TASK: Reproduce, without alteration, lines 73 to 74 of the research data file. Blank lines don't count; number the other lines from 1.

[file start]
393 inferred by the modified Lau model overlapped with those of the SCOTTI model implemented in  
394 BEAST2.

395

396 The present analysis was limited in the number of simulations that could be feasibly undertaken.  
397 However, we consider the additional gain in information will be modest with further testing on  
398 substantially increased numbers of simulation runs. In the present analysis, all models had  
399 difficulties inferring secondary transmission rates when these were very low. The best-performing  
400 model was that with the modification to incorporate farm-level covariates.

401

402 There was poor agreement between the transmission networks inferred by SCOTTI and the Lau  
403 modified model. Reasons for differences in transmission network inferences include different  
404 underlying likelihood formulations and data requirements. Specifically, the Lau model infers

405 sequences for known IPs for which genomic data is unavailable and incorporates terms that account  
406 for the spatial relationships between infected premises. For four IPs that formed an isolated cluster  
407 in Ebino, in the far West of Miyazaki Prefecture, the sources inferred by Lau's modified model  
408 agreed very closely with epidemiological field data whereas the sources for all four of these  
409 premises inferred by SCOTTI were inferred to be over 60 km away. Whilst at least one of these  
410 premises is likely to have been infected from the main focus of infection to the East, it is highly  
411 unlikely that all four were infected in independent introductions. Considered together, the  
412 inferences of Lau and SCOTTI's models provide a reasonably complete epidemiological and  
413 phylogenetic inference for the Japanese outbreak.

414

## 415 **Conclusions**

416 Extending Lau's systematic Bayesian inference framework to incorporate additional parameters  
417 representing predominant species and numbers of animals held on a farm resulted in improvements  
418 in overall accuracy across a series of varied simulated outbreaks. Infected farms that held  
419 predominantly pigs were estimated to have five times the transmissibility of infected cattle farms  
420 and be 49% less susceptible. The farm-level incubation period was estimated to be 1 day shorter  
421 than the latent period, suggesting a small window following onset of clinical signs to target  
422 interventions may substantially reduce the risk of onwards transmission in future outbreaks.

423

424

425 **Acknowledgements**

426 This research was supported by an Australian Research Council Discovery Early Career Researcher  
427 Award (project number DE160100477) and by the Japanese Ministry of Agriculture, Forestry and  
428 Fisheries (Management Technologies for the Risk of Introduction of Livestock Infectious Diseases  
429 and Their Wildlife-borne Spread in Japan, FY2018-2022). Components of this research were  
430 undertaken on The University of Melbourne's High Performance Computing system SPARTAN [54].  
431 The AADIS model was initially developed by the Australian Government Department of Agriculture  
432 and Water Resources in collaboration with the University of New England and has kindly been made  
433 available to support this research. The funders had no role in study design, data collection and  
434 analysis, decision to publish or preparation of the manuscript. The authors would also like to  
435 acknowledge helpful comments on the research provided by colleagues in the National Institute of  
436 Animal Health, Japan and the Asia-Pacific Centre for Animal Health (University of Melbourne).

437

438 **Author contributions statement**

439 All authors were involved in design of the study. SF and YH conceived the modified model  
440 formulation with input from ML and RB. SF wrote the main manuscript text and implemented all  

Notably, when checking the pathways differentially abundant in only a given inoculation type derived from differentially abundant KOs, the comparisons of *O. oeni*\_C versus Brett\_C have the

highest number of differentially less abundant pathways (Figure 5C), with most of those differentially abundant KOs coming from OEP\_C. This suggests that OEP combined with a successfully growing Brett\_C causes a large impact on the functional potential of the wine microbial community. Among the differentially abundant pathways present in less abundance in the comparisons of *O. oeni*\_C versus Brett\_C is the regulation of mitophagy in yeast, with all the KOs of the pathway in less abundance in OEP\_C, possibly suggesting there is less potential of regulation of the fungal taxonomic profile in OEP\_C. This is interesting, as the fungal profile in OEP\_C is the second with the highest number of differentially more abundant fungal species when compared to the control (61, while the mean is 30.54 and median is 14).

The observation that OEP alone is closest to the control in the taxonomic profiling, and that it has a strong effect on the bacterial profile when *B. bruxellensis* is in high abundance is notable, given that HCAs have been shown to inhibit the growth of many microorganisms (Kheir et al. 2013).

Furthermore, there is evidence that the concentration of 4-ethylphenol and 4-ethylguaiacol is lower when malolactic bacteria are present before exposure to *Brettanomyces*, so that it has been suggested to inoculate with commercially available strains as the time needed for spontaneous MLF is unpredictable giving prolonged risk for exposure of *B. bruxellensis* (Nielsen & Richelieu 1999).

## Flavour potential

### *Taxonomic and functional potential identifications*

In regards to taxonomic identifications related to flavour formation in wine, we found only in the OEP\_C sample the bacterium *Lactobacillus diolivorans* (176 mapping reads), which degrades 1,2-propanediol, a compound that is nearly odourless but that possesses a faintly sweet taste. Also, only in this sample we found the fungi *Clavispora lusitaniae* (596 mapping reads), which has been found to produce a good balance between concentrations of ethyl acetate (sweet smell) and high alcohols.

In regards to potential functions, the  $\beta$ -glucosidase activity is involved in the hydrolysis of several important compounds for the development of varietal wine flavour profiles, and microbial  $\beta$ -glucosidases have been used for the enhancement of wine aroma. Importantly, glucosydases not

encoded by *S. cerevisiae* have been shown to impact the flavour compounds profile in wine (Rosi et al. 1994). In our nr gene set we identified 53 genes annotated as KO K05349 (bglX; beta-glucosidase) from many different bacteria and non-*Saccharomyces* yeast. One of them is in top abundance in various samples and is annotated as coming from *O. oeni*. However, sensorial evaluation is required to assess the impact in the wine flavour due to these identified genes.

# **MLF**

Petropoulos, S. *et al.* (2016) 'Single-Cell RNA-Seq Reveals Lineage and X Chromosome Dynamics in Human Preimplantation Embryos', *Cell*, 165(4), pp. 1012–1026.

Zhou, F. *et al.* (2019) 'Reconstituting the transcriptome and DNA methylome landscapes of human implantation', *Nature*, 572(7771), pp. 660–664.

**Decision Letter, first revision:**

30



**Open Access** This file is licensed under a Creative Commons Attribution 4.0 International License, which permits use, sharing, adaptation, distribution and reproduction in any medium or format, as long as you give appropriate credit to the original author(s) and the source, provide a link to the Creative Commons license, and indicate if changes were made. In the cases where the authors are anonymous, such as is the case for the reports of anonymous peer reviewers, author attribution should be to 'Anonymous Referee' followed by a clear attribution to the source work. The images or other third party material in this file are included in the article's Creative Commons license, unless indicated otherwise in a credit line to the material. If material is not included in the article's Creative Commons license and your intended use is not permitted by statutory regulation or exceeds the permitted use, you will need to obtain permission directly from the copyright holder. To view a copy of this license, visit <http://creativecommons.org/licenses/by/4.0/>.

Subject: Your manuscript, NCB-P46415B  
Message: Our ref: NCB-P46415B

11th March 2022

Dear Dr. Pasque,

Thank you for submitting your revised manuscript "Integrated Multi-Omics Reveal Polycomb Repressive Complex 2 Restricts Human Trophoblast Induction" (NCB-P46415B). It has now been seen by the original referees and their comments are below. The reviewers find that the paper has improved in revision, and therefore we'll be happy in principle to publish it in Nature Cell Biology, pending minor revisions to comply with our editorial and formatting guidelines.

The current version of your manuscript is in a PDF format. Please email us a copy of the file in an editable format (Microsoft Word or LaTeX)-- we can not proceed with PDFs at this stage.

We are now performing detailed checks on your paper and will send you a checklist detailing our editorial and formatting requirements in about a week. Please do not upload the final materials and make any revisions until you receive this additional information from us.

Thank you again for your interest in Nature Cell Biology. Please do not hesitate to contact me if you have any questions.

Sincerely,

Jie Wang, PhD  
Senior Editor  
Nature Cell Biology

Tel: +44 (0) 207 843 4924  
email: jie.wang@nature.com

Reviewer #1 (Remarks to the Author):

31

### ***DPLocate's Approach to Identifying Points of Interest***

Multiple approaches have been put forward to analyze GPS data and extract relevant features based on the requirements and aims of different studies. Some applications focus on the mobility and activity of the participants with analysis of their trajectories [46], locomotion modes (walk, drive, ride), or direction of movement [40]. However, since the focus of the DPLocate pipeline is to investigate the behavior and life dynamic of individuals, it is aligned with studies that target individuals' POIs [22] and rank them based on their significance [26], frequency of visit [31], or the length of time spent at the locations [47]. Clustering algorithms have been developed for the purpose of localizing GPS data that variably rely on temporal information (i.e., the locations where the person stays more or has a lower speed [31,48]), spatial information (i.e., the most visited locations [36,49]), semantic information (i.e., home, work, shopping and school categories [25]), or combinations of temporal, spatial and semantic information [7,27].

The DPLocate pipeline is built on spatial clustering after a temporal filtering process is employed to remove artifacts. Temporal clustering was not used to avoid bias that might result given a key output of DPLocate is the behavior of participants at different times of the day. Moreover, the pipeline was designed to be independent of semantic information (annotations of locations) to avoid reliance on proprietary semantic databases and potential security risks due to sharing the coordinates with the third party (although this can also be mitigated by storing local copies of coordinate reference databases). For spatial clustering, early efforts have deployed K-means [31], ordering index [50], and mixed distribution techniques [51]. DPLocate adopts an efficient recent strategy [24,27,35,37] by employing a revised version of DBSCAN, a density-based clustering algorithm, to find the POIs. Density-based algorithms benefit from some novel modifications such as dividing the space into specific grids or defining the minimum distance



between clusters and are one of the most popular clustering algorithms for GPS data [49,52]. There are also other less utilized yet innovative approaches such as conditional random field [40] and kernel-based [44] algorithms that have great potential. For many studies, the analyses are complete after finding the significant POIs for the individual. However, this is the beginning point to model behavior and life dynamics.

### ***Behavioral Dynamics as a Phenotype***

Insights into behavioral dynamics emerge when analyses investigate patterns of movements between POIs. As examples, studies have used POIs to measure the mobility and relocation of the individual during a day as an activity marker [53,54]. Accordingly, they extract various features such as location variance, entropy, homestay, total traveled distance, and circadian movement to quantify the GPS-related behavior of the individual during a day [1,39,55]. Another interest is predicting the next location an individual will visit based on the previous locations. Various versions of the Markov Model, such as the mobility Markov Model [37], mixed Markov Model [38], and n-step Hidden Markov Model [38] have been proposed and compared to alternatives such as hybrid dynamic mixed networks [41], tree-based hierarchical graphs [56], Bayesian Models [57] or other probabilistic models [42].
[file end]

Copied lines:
Jie Wang, PhD  
Senior Editor  